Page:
A couple weeks ago, I raced a very short sprint triathlon that was for women only. Women’s only triathlons hold a special place in my heart. My very first tri was a women’s race and it instantly hooked me. Usually I’m very conflicted about women-specific races, because if it was flipped in favor of the other gender we’d never hear the end of it. However, it is nice for beginners to get a chance to experience the very competitive and intense sport of triathlon in a much more supportive environment. Women competitors are just more supportive of each other before, during, and after races. And while male triathletes are usually really great people, during competition they can be overly aggressive and unsupportive and sometimes downright jerks, which is not very appealing to women athletes until they get their feet a little more wet in the sport. (And if you really want to see a male triathlete get jerky and aggressive, wait till you see him get chicked in one of the events!)
So, when I saw that we were getting another women’s race, I got excited and signed up. Sure it’s pretty late in the season and such a short distance while I’m working on races that are more than 2-3x that distance, but it sounded like fun. Plus with such a short distance I could really try to sprint my heart out and hope for a good placement in my age group, especially since it’s really geared toward beginner athletes.
Well race day didn’t quite go as planned. I did sprint my little heart out and I did get a good age group placement. But due to mistakes caused by volunteers, the result was a little different. I have debated writing about this race, but I feel that it is important for any triathlete and especially beginners to read. Everyone makes mistakes. Being prepared is key, and even all the preparedness in the world can still cause errors.
Swim: 200m, 4:16
Pre-race, I got a quick dip in the 50m lane, hoping to alleviate some of my anaerobic race anxiety I get in the water sometimes. It worked. When my number was called I took off. I worked on a slow stroke at first to make sure I was keeping my aerobic breath in check. I worked on swimming strong and hung on to one swimmer in front of me for the short swim. I didn’t push too hard because I knew I would really try to hammer the bike and sprint hard on the run where I was stronger.
Bike: 8k, 15:40
Two loops of a very short, fairly flat course. So I hammered as hard as I could, and tried to pass whenever I could. One other competitor and I traded back and forth for a while until she got an advantage on me and got a little ahead.
Run: 2k (actually 1.05mi), 8:12
This is where I was planning on crushing it. I know I’m a faster runner than most of my competitors, but especially most of my female beginner athletes. With such a short distance there was no reason why I couldn’t sprint hard and hold a sub-8 pace or less. The course left transition, down a street to a very short greenway walking loop, back to transition and then make a second loop of the same. I caught up with the woman who had passed me on the bike and passed her fairly soon on the run and basically passed everyone ahead of me. As I came around out of the walking trail, I started to head out for a second loop, but a volunteer with a flag was screaming at us and insisting we make the second loop within the walking trail instead of leaving the trail and going back to the beginning. He was very insistent and yelling at us in an admonishing tone as I started to head out he told me “NO!” and waived into the walking trail. For a second I second-guessed myself and followed his instructions making a second loop. And everyone followed me. At this time I was ahead of all of the other runners and kept passing those on their first loop. As I came out of my second loop I headed towards finish. Just before I reached the chute, another volunteer (rightfully) tried to get me to make a second lap. I explained that I had already looped twice and was done. We argued for a precious several seconds before I just ran on into the finish chute. I was the first through the finish line. I explained to the volunteers there that the course got messed up and a volunteer is sending people the wrong way. Apparently everyone else did the same loop that I did, with the exception of about 4-6 people who were convinced by the second volunteer to make the 3rd lap.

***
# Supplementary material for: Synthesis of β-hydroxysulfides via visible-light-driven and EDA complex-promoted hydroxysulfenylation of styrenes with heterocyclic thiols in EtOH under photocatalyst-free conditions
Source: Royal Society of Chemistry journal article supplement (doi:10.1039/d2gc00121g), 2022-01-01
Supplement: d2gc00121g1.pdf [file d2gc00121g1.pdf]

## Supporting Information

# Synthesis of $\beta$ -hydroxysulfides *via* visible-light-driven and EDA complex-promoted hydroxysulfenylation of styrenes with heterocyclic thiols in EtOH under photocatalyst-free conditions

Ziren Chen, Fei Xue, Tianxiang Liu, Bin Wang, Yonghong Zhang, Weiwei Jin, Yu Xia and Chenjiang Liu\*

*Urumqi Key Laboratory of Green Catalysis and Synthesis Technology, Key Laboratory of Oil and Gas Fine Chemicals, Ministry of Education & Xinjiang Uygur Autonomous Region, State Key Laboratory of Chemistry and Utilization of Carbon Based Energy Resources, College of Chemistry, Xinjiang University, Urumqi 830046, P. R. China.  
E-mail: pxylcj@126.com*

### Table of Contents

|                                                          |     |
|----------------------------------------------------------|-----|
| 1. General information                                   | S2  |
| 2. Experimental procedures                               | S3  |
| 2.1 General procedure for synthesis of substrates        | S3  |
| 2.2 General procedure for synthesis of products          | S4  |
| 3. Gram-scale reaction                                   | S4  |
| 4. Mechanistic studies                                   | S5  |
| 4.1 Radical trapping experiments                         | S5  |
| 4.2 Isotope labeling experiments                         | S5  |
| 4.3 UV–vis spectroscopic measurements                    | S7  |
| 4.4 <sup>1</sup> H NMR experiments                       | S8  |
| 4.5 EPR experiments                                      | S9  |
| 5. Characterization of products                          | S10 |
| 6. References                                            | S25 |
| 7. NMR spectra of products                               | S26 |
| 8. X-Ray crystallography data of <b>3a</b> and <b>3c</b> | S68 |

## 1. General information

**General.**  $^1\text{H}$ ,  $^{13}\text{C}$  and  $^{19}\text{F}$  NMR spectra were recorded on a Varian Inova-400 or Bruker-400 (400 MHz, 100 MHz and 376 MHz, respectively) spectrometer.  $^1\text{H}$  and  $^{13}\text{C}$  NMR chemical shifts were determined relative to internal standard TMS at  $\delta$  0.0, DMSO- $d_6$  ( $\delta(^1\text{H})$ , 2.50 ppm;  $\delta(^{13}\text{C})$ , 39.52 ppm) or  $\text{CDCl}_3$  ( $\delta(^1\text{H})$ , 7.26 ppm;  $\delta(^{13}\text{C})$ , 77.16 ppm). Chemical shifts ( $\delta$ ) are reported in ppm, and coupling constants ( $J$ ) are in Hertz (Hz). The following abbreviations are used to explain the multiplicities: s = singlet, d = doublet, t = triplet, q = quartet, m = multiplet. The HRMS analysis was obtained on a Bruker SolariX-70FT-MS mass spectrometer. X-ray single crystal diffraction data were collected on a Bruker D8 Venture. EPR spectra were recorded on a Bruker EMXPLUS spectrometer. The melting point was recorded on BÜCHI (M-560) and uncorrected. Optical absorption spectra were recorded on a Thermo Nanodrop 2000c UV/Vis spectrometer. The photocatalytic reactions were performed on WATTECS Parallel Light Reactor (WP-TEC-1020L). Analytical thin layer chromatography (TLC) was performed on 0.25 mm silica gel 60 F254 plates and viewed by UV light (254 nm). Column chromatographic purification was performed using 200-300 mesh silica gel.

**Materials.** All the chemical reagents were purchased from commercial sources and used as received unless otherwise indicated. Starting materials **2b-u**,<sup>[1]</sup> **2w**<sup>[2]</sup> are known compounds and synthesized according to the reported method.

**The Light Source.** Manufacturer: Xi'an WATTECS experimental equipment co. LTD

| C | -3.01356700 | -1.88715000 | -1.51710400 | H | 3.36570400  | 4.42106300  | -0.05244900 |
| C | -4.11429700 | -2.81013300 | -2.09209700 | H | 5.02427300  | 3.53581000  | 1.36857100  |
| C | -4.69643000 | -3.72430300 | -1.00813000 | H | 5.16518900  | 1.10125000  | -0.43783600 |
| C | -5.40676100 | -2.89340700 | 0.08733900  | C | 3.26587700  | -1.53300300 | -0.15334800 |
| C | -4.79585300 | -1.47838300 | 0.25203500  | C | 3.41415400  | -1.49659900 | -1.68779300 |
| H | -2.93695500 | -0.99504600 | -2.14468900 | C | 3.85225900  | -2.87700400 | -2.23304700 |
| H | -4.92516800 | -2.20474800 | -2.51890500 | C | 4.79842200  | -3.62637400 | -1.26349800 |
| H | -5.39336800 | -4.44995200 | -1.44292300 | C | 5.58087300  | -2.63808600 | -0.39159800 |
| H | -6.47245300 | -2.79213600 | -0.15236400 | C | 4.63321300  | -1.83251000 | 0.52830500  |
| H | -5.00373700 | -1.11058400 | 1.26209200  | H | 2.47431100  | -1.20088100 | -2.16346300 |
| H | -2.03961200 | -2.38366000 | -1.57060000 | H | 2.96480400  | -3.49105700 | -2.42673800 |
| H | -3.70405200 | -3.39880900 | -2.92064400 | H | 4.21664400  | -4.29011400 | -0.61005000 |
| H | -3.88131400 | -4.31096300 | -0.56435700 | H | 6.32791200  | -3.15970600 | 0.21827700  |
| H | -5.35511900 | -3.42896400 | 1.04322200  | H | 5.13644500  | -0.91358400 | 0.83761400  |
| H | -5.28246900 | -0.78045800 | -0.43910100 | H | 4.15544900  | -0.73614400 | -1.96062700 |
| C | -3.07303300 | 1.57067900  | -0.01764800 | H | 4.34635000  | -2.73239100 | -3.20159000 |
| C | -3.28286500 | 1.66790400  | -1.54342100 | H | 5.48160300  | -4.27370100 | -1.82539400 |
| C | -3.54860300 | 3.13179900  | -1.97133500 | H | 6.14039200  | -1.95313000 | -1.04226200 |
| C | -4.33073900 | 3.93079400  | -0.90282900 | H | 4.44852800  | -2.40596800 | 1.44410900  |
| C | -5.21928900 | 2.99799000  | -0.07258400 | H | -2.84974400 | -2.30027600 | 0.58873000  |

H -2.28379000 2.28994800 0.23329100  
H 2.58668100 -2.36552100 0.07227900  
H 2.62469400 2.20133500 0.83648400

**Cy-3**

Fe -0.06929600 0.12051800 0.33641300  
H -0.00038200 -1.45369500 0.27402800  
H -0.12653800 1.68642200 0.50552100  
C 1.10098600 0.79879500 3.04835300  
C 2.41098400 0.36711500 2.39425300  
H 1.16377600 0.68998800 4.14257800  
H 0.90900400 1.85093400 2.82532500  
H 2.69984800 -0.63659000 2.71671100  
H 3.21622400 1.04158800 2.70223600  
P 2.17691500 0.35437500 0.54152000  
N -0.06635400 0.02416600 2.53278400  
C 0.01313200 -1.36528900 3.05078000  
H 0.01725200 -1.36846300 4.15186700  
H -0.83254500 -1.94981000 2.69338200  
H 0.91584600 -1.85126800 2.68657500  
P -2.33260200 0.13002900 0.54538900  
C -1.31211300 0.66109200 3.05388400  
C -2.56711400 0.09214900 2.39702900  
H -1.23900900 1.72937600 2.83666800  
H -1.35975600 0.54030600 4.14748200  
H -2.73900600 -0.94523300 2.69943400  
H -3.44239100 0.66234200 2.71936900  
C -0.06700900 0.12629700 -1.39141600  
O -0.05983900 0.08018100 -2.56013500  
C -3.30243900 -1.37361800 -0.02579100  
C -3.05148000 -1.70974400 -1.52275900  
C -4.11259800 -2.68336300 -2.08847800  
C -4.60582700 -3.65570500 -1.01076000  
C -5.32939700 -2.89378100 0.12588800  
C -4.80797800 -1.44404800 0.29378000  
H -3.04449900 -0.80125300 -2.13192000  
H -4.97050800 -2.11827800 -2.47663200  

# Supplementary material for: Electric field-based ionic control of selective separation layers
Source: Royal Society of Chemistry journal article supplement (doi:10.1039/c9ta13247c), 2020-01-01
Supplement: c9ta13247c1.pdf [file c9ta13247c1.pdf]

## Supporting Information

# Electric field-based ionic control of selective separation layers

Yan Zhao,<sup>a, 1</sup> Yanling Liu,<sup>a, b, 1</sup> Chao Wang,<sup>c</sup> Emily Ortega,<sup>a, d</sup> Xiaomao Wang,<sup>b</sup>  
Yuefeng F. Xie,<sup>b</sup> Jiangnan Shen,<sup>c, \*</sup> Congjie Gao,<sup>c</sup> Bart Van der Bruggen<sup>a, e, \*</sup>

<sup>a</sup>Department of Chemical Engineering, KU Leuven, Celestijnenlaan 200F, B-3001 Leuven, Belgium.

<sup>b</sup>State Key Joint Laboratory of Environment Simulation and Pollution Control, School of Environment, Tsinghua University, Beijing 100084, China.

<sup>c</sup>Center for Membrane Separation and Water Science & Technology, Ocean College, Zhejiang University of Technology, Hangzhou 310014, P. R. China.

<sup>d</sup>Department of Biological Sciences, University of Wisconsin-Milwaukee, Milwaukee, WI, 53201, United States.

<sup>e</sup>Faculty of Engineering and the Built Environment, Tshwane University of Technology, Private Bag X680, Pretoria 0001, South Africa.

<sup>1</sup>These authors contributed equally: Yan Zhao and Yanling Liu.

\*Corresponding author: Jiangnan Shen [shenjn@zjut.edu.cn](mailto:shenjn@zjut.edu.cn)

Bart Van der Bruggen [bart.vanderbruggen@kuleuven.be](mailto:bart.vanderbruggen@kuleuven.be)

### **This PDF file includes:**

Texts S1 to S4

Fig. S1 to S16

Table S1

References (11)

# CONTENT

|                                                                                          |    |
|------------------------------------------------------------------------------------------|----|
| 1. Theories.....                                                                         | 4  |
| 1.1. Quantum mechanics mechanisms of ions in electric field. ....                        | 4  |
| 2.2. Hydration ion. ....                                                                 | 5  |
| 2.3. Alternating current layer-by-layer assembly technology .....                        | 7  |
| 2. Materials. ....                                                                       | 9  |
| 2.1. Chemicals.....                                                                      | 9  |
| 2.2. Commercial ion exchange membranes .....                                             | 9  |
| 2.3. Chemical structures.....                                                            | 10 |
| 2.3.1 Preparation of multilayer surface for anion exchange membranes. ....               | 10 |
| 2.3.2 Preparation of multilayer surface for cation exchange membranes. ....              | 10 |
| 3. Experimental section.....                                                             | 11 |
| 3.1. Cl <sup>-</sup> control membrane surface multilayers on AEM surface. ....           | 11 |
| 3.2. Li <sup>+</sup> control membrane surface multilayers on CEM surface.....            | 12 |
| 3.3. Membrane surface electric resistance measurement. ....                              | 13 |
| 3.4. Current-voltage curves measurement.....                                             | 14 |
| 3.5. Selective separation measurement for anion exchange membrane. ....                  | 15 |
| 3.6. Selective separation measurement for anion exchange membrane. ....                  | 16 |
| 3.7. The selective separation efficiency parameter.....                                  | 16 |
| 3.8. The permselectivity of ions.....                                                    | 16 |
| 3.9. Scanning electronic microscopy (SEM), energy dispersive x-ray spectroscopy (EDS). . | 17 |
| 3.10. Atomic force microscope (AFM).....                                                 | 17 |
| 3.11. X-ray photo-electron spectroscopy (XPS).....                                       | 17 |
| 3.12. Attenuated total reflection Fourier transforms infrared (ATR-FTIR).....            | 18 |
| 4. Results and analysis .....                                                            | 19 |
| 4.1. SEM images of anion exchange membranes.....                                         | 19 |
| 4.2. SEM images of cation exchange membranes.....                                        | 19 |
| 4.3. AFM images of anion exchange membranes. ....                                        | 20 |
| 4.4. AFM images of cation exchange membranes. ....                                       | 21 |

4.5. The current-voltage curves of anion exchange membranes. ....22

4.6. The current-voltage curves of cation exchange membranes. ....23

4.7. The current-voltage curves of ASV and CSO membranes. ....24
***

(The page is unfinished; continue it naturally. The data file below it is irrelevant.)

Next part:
So, because of the 4-6 outsiders in the race, the directors decided to drop everyone’s run time from the official results. Instead of going with the majority of everyone, they just dropped the other 200+ competitors’ results. I was furious. The run is why I really wanted to do this race and what I was banking on for my results. I did not sign up for the Aquabike division for a reason. Though this was an Aquabike + T2 results. Yes, they included the T2 results!! How bizarre! So with that I was placed at 2nd in my Age Group. While on the podium, the 1st place winner told me she got it by a technicality because she walked the run! She was VERY lucky I’m not a violent person.
Official Results: 2nd in Age Group, Total 22:50
Unofficial Results: 1st in Age Group, Total 31:01
I got a very nice plaque and some Swiftwick socks. I’m conflicted about this podium finish. Technically it’s not a triathlon award. But technically I would have gotten an even better award in the full triathlon results. I will be more sure of myself the next time I race. Though it is rare that I’m ever in the lead and would be leading people the wrong way on a course and have to make these decisions on whether the very angry sounding volunteer was right. Then again, I do not necessarily agree with how the race directors handled the results. I understand it, but I found it very frustrating.